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Friday, March 5, 2010

Only So Many Moves on the Chessboard

This is an old post from a previous blogging incarnation.
Francis Schaeffer once said that when it comes to the really big questions, there are really very few available answers. For example, when it comes to the question of whether or not there is a God, there are really only three possible answers: yes, no, and maybe.

Another such question is that of Biblical inerrancy. Does the Bible have errors in it? As far as I can tell, the available answers are yes, no, and maybe. The word "inerrant" doesn't really give you any other options or leave you any wiggle room. That is intentional; it is why that word came into common use.

You see, despite much blathering by some to the effect that inerrancy is a doctrine invented by evangelicals in the second half of the 20th century, the reality is that the concept that the Bible is without error has been around for a long, long time. It's just that they used to use the word "infallible." That is, it was said that Scripture is infallible, with the idea that error is a failure being part and parcel of that concept. To get a better grasp of this, think of what Catholics mean when they say that the Pope is infallible when he speaks ex cathedra: they mean that he is incapable of speaking error to the church. It would be ludicrous for the Catholic to say that he believes that an ex cathedra pronouncement is simultaneously incapable of failure (infallible) and mistaken (errant). In the same way, Scripture was said for centuries to be infallible with few--if any--having the cheek even to think that this might not mean that it was free from error.

Eventually, though, a new school of thought arose. Some people began to say that they thought the Bible had mistakes in it, but that they nevertheless thought it infallible in that it would never fail to accomplish its purpose. This presented some problems in that a person using this sort of language could now present himself as a believer in infallibility when the reality might be that he believed the Bible was littered with all sorts of errors.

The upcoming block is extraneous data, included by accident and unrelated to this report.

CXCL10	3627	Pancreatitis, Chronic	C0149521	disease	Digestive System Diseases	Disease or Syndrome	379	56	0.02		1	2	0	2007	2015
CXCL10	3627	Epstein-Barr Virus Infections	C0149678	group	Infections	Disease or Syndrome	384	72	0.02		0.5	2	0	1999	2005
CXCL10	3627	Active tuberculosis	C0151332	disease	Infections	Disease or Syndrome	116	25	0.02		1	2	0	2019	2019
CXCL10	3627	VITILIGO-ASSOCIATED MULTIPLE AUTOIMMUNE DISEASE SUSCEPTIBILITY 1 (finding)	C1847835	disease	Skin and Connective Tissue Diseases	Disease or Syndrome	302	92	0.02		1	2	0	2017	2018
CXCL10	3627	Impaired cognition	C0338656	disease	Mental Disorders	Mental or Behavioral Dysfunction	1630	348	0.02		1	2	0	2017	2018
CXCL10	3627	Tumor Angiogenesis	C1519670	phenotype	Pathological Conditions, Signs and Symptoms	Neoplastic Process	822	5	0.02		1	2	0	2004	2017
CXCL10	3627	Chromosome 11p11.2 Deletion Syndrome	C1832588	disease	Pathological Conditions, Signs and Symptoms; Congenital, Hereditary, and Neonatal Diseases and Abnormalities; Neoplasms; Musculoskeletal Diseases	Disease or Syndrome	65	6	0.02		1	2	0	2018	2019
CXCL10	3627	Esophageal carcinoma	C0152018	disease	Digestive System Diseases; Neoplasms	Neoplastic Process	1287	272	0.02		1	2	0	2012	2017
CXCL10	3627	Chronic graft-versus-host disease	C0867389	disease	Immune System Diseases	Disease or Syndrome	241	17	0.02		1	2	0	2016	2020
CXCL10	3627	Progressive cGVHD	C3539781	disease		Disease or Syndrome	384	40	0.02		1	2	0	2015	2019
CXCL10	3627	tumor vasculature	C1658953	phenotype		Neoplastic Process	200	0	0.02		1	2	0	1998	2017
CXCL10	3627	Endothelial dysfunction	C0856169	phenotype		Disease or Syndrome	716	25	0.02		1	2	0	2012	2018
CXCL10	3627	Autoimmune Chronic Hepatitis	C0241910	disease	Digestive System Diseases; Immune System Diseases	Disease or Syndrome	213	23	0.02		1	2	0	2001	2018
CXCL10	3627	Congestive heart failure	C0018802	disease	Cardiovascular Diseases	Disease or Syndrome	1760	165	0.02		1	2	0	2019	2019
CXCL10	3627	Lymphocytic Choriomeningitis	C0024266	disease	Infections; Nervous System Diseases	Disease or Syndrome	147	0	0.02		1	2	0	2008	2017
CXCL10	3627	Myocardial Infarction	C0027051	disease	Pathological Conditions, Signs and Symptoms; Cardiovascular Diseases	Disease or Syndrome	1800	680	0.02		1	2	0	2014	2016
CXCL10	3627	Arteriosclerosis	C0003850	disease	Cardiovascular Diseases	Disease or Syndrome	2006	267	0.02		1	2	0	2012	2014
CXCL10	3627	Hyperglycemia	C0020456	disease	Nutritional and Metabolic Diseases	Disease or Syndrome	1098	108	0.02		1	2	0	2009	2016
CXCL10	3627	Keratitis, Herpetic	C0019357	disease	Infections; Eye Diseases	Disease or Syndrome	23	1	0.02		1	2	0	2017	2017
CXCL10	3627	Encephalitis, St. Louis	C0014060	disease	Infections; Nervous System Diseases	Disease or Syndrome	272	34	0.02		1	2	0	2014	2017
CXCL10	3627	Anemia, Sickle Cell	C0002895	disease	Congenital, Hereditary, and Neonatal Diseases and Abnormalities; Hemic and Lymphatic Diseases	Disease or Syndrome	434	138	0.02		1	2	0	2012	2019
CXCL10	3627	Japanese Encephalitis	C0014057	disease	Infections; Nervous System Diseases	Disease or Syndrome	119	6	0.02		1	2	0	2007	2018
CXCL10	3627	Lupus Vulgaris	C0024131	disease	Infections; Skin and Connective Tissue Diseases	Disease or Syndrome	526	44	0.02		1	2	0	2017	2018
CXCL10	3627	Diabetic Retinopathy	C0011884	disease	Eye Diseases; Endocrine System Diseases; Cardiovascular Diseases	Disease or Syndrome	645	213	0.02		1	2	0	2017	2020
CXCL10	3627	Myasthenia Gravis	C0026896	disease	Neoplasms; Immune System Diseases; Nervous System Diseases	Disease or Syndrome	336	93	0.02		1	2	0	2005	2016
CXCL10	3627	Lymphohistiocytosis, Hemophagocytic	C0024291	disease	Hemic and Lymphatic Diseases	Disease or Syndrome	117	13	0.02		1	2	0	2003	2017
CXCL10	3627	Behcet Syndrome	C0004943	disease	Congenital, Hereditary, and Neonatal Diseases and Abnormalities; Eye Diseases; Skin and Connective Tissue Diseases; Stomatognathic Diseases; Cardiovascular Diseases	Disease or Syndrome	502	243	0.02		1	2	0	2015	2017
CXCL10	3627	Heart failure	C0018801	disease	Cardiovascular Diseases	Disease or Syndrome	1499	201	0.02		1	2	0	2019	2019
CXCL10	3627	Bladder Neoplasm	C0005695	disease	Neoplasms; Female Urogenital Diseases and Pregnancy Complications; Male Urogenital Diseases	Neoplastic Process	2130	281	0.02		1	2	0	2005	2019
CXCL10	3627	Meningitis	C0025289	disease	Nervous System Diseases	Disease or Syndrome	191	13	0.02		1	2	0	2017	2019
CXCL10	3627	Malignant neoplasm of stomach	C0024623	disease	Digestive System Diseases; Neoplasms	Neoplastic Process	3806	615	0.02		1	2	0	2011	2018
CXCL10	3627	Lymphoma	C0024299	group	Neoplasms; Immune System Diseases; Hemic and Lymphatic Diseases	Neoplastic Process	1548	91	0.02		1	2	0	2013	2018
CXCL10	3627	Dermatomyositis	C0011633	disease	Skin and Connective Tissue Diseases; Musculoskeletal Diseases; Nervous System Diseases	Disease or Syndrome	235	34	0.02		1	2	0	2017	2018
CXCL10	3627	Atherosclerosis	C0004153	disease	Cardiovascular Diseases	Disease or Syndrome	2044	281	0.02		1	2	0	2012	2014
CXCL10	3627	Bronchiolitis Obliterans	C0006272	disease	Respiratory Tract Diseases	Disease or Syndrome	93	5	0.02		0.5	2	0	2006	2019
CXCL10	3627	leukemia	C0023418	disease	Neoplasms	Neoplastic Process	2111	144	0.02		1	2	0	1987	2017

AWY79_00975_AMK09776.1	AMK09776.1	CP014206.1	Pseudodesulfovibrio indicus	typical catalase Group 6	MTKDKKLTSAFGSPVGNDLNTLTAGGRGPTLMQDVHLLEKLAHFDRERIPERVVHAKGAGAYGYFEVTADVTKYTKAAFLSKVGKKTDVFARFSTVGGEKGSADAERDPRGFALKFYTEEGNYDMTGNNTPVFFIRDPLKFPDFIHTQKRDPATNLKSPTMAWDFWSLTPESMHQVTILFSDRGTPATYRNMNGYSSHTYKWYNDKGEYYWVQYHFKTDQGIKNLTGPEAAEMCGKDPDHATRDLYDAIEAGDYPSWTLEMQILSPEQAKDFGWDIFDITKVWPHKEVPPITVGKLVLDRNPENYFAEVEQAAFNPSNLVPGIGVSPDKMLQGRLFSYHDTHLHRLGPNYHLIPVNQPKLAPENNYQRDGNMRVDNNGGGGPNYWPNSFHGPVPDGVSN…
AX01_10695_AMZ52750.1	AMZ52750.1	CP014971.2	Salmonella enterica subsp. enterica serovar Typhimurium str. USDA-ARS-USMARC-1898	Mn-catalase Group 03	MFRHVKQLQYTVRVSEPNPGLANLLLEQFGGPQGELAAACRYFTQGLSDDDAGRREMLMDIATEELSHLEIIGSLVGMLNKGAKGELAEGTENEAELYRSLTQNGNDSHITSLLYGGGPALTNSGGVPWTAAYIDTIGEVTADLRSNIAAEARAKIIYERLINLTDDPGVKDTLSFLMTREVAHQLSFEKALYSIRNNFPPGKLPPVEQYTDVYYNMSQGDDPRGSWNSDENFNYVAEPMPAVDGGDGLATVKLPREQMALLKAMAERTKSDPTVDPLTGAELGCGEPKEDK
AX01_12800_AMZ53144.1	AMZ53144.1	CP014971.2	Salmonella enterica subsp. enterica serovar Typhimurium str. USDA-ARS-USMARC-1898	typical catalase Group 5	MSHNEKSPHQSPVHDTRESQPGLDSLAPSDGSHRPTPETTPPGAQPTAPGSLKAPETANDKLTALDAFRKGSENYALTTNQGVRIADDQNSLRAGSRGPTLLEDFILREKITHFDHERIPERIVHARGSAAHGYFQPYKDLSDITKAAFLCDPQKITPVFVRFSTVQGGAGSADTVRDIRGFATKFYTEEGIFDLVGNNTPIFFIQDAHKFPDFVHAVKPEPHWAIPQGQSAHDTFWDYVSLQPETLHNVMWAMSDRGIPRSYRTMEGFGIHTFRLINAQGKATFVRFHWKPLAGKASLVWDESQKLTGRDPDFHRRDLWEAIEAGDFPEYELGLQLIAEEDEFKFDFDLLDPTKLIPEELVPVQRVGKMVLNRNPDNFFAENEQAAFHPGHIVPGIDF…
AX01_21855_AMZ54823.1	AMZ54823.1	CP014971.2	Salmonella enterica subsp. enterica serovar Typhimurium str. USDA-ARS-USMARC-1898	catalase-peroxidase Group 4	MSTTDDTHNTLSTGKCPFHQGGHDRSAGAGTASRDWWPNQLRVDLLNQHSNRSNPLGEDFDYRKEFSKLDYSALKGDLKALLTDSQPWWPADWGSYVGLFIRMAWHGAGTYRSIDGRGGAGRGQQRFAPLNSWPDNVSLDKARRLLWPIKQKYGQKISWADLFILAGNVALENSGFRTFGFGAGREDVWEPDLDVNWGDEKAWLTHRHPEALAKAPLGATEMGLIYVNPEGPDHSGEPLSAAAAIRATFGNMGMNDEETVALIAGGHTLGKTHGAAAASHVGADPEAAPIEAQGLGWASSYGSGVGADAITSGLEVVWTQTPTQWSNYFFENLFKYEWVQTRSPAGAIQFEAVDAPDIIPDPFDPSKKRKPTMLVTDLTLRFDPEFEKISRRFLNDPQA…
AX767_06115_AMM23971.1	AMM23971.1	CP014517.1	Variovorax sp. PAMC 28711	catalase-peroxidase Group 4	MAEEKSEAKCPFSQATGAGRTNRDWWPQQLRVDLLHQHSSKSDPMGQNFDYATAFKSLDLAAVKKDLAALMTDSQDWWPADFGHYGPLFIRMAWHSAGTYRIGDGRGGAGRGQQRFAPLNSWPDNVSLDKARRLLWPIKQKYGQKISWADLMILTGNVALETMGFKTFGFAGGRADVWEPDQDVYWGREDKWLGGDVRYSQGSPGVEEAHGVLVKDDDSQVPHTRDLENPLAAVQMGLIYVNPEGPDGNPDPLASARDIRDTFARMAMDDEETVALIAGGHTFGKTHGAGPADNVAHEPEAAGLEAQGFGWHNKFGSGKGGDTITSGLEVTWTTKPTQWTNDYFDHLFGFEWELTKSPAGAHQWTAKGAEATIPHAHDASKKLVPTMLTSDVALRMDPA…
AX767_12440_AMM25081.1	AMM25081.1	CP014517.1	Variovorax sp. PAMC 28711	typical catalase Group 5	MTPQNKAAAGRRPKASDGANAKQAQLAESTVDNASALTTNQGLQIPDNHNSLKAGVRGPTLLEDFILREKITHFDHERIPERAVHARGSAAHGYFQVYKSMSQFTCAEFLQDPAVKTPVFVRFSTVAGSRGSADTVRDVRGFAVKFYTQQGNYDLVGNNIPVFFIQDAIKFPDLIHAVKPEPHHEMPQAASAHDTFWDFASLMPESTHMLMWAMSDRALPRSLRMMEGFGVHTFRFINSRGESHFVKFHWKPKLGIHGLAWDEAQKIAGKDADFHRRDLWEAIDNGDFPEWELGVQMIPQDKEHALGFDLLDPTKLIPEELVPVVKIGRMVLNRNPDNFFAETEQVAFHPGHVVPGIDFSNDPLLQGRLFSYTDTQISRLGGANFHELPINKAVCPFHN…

Now, what's the natural response to that, once you become aware of what is going on? You try to clarify what you mean, at least on your end of the discussion. It seems that it was in this way that evangelicals came to use the "infallible and inerrant" phrase that is now the standard in so many statements of faith. It also had the effect of pinning people down--something that theological liberals generally hate with a purple passion. "Infallible" might leave you some wiggle room when trying to get on board at a seminary, pastorate, or local Christian school. "Inerrant" does not. Naturally, therefore, the term has been under ceaseless attack since it came into vogue, for there are plenty of people who would love to pastor your church or teach in your Christian school without having to lie when they sign that institution's statement of faith.

You might be asking, "Well, MOTW, why are your shorts in a twist about this?" It's because of its relationship to the doctrine of inspiration (Paul says that all Scripture is breathed out--inspired--by God; Peter says that no prophet spoke on his own, but that they were carried along by the Holy Spirit). Again, there are only so many viable answers, only so many moves on the chessboard. When you deny inerrancy, when you say that the Bible has mistakes in it, what are you saying about inspiration?